Therefore, since we are surrounded by so great a cloud of witnesses, let us also lay aside every weight and the sin that clings so closely, and let us run with perseverance the race that is set before us, looking to Jesus the pioneer and perfecter of our faith, who for the sake of the joy that was set before him endured the cross, disregarding its shame, and has taken his seat at the right hand of the throne of God.
Consider him who endured such hostility against himself from sinners, so that you may not grow weary or lose heart. In your struggle against sin you have not yet resisted to the point of shedding your blood. And you have forgotten the exhortation that addresses you as children—
‘My child, do not regard lightly the discipline of the Lord, or lose heart when you are punished by him; for the Lord disciplines those whom he loves, and chastises every child whom he accepts.’
Endure trials for the sake of discipline. God is treating you as children; for what child is there whom a parent does not discipline? If you do not have that discipline in which all children share, then you are illegitimate and not his children. Moreover, we had human parents to discipline us, and we respected them. Should we not be even more willing to be subject to the Father of spirits and live? 10 For they disciplined us for a short time as seemed best to them, but he disciplines us for our good, in order that we may share his holiness. Now, discipline always seems painful rather than pleasant at the time, but later it yields the peaceful fruit of righteousness to those who have been trained by it.
Therefore lift your drooping hands and strengthen your weak knees, and make straight paths for your feet, so that what is lame may not be put out of joint, but rather be healed.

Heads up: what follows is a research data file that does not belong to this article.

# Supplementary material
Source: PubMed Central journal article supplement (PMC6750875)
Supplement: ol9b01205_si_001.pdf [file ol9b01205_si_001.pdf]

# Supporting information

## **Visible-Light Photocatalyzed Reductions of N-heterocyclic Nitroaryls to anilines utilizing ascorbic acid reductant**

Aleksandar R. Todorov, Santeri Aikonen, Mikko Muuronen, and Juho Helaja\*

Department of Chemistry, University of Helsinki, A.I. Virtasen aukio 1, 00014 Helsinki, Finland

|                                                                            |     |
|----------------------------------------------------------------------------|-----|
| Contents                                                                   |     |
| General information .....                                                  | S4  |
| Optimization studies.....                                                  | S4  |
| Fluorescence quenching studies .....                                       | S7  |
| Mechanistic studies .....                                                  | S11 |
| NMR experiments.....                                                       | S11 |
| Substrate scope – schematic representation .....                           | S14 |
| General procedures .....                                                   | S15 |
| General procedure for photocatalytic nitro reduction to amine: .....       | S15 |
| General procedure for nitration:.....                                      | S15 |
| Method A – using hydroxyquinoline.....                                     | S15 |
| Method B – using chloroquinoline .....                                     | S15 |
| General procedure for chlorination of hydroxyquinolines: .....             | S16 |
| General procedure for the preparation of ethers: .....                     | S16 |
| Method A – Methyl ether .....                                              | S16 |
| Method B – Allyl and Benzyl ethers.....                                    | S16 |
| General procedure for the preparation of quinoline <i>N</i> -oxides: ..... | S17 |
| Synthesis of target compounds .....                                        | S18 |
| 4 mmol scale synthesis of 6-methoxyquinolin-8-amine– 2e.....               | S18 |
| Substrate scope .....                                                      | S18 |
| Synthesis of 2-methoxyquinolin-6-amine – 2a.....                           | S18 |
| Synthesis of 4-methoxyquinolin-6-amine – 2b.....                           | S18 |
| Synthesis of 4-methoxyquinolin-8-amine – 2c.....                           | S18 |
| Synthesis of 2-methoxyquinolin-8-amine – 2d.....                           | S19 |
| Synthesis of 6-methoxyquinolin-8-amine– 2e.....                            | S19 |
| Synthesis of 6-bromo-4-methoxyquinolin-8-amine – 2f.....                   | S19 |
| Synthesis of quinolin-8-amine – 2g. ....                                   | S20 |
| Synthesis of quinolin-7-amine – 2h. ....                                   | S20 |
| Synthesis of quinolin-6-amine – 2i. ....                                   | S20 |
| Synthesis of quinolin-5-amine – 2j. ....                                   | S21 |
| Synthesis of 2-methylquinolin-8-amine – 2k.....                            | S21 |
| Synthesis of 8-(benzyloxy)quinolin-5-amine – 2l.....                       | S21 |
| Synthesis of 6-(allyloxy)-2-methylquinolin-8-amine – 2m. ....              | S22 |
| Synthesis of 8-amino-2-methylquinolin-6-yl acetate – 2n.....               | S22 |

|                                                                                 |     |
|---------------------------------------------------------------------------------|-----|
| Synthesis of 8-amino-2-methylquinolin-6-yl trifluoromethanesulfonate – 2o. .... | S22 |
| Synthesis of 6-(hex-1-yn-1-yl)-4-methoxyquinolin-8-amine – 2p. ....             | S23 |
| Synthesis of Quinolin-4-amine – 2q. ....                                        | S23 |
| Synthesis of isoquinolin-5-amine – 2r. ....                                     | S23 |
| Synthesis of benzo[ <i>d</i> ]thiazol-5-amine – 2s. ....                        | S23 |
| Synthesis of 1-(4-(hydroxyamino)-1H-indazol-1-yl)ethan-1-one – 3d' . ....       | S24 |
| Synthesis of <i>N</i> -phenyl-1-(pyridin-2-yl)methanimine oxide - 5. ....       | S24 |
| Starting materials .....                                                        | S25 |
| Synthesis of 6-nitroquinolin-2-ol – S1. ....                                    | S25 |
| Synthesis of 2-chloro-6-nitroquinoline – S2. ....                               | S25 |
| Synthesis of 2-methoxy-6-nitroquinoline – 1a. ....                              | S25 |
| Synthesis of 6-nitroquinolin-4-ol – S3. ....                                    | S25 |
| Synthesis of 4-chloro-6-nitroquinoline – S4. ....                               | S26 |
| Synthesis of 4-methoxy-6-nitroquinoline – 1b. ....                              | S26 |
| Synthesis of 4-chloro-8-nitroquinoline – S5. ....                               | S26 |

Many times I have heard people say, “I’ll be glad to see the back of that year.” What promise a new year brings to those who are struggling, but what really is different with the turn of the calendar? I never really understood. Life is sometimes tough, and a new year offers hope. As we approach the end of this year, I do understand. This year I look forward to the promise of next year.
I’m not particularly athletic, but I, along with you and everyone else, have been running this year. We have run to keep up with legislation, with technology, with the needs of our communities. We have run to find appropriate ways to support each other while distancing. We have been running for months. Many of us are tired.
We have managed to keep running because we have that cloud of witnesses around us. Our friends have encouraged us, have offered ideas, have laughed and cried with us. Stil it has been a tough race. Our hands may be drooping. Our knees may be weak, and we keep running. People need us. They need us to fight for justice, to work for the planet, to offer a caring presence. In the midst of brokenness, they need us to create a community of healing.
In the midst of struggle the author of Hebrews wants us to remember who is our guide and why we are still running. So whatever today holds Christ continues to guide us. We are called to run–even the least athletic among us. Listen to voices of encouragement and keep moving so that what is lame, broken in our world, may be healed.
God, thank you for the witnesses who encourage us, who guide us. Give us courage to keep running. Help us create communities of peace and justice. Give us the gift of love in the face of pain. God, grant us strength to be your people on the race for your kingdom. Amen.
The Rev’d Martha McInnes, Minister, Cardiff and Penarth Churches